Spectators cheer as three sea turtles return to ocean
Splinter takes off to head deeper out to sea.
Interns at the Sea Turtle Hospital Carissa Bowman (left) and Meghan Kelley (far right) and adoptive parents Martha Dawson Mapp (second left) and Anne Holder Mapp head down to the water with Raker and Sutton.
College intern Carissa Bowmann cheers as Raker takes to the water.
A sign gave spectators some more information on the three turtles being released to the ocean on July 31.
Wednesday, July 31 was a big day for the South Carolina Aquarium’s Sea Turtle Rescue Program as three sea turtles were returned to the Atlantic Ocean. A crowd of spectators lined both sides of the turtles’ pathway to cheer them on as the three returned to their natural environment.
The three juvenile sea turtles represent three different species. The public bid farewell to a Kemp’s ridley, loggerhead and green sea turtle at the Isle of Palms County Park. The release was held in partnership with the South Carolina Department of Natural Resources (SCDNR) and the Charleston County Parks and Recreation Commission (CCPRC).
Meet the turtles
Splinter, a 60-pound juvenile loggerhead sea turtle was caught on board the SCDNR research vessel, the Lady Lisa, in late May. The turtle was taken to the aquarium’s Sea Turtle Hospital with what appeared to be a large wooden splinter deeply embedded in the right rear flipper. The aquarium’s rescue staff determined the material lodged in the turtle’s flipper was actually a bill from a swordfish. Splinter’s treatment included surgery to remove the bill, antibiotics, fluids and wound care. After just two months of treatment, Splinter was medically cleared for release.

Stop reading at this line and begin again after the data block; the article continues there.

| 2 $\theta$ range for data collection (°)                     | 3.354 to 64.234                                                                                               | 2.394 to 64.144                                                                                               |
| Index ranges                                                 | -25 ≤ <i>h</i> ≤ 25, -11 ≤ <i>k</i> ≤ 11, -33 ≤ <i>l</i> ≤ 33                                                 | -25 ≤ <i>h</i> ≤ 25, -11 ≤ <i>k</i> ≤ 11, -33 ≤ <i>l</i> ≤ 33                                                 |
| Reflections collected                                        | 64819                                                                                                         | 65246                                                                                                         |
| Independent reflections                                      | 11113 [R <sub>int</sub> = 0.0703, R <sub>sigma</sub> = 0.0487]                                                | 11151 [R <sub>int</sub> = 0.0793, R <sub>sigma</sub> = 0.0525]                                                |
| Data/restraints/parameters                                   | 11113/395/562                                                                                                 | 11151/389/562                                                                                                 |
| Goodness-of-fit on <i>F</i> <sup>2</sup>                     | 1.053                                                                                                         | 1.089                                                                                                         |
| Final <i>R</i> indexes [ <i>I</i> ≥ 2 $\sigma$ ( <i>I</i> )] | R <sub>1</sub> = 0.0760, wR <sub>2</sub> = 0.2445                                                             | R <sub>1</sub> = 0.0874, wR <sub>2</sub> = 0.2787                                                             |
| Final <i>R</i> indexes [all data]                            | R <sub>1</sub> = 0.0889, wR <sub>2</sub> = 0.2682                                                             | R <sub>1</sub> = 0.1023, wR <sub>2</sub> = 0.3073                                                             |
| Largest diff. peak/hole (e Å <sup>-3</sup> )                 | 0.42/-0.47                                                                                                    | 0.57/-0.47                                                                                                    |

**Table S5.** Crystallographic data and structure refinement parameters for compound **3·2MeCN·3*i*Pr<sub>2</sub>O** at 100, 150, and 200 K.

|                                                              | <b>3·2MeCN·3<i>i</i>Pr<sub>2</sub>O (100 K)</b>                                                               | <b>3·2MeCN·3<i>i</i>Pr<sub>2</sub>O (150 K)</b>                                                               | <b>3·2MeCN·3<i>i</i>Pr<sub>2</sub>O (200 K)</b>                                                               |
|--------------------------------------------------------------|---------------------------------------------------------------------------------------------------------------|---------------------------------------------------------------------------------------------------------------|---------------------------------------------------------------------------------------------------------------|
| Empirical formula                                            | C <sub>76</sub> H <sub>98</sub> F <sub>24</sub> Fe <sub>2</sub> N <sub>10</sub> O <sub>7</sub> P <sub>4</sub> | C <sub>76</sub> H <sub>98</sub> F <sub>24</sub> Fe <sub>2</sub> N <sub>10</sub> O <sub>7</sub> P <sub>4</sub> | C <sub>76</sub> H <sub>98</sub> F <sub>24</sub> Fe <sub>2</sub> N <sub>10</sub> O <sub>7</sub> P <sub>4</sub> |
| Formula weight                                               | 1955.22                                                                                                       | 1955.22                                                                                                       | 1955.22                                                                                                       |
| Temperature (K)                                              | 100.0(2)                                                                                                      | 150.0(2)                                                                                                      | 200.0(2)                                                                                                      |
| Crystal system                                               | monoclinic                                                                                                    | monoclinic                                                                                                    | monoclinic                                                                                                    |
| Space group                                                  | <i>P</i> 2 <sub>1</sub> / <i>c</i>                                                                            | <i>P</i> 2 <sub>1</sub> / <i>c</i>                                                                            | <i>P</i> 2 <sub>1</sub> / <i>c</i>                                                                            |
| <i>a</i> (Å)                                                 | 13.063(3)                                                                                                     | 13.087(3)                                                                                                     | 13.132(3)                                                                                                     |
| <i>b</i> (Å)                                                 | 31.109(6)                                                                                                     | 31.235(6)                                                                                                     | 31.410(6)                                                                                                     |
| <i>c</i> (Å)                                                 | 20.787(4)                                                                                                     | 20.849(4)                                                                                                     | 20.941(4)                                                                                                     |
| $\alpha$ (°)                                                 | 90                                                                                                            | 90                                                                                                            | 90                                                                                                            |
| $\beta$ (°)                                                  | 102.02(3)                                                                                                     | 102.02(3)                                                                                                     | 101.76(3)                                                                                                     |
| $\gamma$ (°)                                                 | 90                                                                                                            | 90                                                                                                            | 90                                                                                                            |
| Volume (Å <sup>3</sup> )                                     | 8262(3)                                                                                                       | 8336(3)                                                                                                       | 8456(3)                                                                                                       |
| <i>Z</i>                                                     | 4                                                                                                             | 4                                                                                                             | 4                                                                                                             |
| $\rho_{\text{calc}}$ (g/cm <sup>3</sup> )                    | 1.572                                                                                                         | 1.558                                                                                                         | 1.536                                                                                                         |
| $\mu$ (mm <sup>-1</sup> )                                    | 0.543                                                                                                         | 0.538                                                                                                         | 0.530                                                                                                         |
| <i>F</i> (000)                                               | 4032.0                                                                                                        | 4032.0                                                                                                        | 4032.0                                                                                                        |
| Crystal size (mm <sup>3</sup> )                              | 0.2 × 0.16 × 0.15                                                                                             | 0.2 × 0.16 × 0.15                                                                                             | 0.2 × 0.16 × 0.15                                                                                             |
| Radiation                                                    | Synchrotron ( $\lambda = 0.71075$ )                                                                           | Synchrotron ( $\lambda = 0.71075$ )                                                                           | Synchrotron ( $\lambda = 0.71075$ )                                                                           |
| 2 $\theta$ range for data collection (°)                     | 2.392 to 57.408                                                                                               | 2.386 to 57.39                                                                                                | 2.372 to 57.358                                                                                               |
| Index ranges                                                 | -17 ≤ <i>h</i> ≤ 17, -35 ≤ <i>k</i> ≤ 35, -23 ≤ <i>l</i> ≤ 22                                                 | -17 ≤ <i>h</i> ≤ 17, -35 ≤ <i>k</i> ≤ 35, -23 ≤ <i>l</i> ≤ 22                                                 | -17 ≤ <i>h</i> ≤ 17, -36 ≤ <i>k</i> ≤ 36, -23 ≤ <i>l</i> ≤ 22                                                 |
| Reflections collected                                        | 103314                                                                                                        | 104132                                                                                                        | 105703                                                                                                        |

Sutton, an eight-pound Kemp’s ridley, the most endangered sea turtle species, was brought to the aquarium’s Sea Turtle Rescue Program in January of this year. Sutton was found cold-stunned off the coast of New England and was flown down to the sunny south on a flight donated by pilot Michael Taylor. Treatment included antibiotic and vitamin injections, fluid therapy, a healthy diet and of course TLC.
Raker, an eight-pound juvenile green sea turtle was discovered washed up on Myrtle Beach on a cold day in April of this year. Named after the beach rakers that saved his/her life, Raker was suffering from multiple issues including a shell infection, poor blood work, dehydration and a low heart rate. An extremely low body temperature of 55 degrees F compounded the problem, and the turtle was in intensive care for approximately four days. Treatment included slow warming of the body temperature, oxygen therapy, antibiotics, fluids and topical treatment for the shell infection. Raker returned to optimal health, swimming around his/her containment pool and was ready for a return to the ocean.
How to help
You can help care for sea turtles in recovery at the aquarium’s Sea Turtle Hospital by going to www.scaquarium.org and making a donation. While online, you can also visit the Sea Turtle Hospital’s blog at http://seaturtlehospital.blogspot.com/ to track the progress of patients currently being cared for at the hospital. You can also find out more about visiting the hospital as part of a behind-the-scenes tour now offered seven days a week.